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Hypocrites blame other people for moral violations they themselves have committed, but they may actually hold the moral standards that they apply to others, this research suggests. Participants underwent functional MRI while deciding whether to profit by inflicting pain on others and then judged the blameworthiness of others’ identical decisions. Those who hypocritically blamed others reported stronger feelings of moral conflict during moral decision-making, had stronger neural responses to moral standards in the lateral prefrontal cortex, and exhibited more guilt-related neurocognitive processes associated with harming others. Nevertheless, a group of observers judged them as hypocritical, immoral, and untrustworthy.
During college shutdowns (spring 2020), Booker and colleagues asked first-year U.S. students to provide narratives about the how the COVID-19 pandemic impacted their lives. They found that participants who reported more growth (i.e., constructive reasoning from past events) also reported higher psychosocial adjustment and global identity development as well as fewer mental health concerns. One year later, these associations persisted. Growth partly explained associations between COVID stressors and students’ adjustment. These findings reinforce the importance of individual meaning-making from lived experience as a critical aspect of resilience and underscore the importance of connective reasoning as people navigate chronic stress.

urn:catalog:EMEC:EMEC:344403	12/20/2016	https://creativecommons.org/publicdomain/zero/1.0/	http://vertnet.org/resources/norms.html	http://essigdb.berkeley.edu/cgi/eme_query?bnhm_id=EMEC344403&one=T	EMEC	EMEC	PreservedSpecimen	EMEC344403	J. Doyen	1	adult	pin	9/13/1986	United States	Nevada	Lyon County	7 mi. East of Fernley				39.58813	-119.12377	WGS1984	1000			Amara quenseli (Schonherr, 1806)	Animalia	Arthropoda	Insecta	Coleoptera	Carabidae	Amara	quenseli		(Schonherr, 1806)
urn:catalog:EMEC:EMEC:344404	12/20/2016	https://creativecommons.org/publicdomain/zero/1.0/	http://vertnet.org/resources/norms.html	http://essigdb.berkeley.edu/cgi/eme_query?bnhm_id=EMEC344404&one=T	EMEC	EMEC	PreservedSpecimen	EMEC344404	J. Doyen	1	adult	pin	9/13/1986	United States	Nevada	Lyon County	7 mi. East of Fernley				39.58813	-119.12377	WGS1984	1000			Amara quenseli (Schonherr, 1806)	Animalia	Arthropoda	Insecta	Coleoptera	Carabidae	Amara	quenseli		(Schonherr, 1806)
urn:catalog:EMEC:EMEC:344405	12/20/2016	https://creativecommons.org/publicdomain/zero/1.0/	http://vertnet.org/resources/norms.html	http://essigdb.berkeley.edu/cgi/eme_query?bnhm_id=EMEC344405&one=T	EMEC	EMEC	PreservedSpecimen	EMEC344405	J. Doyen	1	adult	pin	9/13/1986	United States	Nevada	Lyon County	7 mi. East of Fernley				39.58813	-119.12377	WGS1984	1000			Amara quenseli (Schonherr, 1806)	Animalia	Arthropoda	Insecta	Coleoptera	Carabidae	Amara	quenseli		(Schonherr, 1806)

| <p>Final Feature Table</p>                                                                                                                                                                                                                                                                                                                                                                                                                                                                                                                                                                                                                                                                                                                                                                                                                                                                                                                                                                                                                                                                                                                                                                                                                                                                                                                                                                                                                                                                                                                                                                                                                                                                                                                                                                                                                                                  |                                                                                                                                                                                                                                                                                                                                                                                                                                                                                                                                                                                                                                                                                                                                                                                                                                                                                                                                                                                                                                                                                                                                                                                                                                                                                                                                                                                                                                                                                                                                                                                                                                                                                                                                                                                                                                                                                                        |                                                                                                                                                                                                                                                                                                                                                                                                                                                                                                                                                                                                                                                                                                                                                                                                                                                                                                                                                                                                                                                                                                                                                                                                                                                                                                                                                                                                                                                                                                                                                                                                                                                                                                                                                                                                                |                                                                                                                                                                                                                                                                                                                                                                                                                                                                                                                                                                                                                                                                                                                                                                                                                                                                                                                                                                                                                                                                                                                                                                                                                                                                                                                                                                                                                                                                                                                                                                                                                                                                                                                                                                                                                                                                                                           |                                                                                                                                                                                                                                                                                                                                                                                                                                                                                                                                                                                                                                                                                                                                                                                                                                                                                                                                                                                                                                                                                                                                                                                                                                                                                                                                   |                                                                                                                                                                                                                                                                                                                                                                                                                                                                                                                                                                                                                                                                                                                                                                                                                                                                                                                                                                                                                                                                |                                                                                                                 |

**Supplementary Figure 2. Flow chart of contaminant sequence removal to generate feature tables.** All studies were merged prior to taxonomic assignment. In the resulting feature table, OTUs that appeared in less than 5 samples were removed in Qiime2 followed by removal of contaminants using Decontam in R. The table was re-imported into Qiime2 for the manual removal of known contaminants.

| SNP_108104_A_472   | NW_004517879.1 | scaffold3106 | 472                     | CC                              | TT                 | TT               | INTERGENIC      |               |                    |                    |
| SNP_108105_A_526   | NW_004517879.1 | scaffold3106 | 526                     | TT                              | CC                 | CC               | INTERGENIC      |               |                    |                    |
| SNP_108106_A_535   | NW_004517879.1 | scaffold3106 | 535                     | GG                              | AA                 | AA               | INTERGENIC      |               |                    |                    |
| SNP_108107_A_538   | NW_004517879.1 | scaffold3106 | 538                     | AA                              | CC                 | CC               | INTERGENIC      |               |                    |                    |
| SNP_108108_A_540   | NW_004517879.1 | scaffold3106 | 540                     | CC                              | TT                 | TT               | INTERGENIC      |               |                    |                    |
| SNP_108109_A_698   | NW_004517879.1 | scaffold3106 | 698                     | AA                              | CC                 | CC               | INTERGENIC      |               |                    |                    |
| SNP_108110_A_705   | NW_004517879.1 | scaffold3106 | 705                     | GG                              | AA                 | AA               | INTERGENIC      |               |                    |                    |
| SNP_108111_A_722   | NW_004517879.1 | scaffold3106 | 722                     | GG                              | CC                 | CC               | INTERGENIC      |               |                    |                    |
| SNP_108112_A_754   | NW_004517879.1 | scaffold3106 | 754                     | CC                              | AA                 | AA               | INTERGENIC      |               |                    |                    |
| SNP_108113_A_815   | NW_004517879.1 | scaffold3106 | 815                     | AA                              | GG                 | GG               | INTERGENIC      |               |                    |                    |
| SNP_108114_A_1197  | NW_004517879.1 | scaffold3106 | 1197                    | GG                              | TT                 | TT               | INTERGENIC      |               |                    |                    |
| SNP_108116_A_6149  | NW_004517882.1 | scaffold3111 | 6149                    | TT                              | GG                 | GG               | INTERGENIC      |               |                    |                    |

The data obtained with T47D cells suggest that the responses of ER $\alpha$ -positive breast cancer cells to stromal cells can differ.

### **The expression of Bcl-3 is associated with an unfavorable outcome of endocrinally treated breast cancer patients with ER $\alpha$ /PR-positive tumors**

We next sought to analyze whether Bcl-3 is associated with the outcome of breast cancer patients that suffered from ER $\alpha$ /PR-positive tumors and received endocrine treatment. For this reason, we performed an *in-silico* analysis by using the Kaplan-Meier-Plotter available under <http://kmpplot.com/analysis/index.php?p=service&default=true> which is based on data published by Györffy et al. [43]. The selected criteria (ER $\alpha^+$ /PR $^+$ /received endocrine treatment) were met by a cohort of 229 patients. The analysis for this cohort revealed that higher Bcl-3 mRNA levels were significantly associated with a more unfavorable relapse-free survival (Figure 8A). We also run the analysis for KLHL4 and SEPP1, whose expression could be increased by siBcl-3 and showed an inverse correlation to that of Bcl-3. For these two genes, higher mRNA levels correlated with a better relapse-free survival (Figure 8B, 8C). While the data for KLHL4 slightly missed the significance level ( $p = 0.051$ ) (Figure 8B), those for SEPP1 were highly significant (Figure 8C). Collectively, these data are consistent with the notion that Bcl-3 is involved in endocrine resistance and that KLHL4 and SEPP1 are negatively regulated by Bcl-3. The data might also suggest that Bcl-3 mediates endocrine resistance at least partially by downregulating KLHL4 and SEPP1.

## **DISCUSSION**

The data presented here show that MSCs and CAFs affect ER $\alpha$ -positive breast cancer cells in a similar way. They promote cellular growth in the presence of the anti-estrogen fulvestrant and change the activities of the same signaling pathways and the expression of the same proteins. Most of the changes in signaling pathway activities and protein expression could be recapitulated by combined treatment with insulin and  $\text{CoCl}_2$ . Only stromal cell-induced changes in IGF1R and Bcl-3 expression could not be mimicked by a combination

Spatial Representations Without Spatial Computations
Daniele Gatti, Marco Marelli, Tomaso Vecchi, and Luca Rinaldi
How do people learn and represent geographical information? Gatti and colleagues challenge the conventional view—that visual experience is the foundation for the formation of mental maps—by showing that language can also encode and reproduce maps. They show that psychologically plausible computational models can derive geographical information from written texts alone, reproducing the spatial layout of real-world maps. In two behavioral experiments, they further found that these language-based maps reliably resemble how humans represent geographical information. These findings call into question the claim that sensorimotor experience is the key ingredient in the formation of mental maps.
Scientific-Consensus Communication About Contested Science: A Preregistered Meta-Analysis
Aart van Stekelenburg, Gabi Schaap, Harm Veling, Jonathan van ’t Riet, and Moniek Buijzen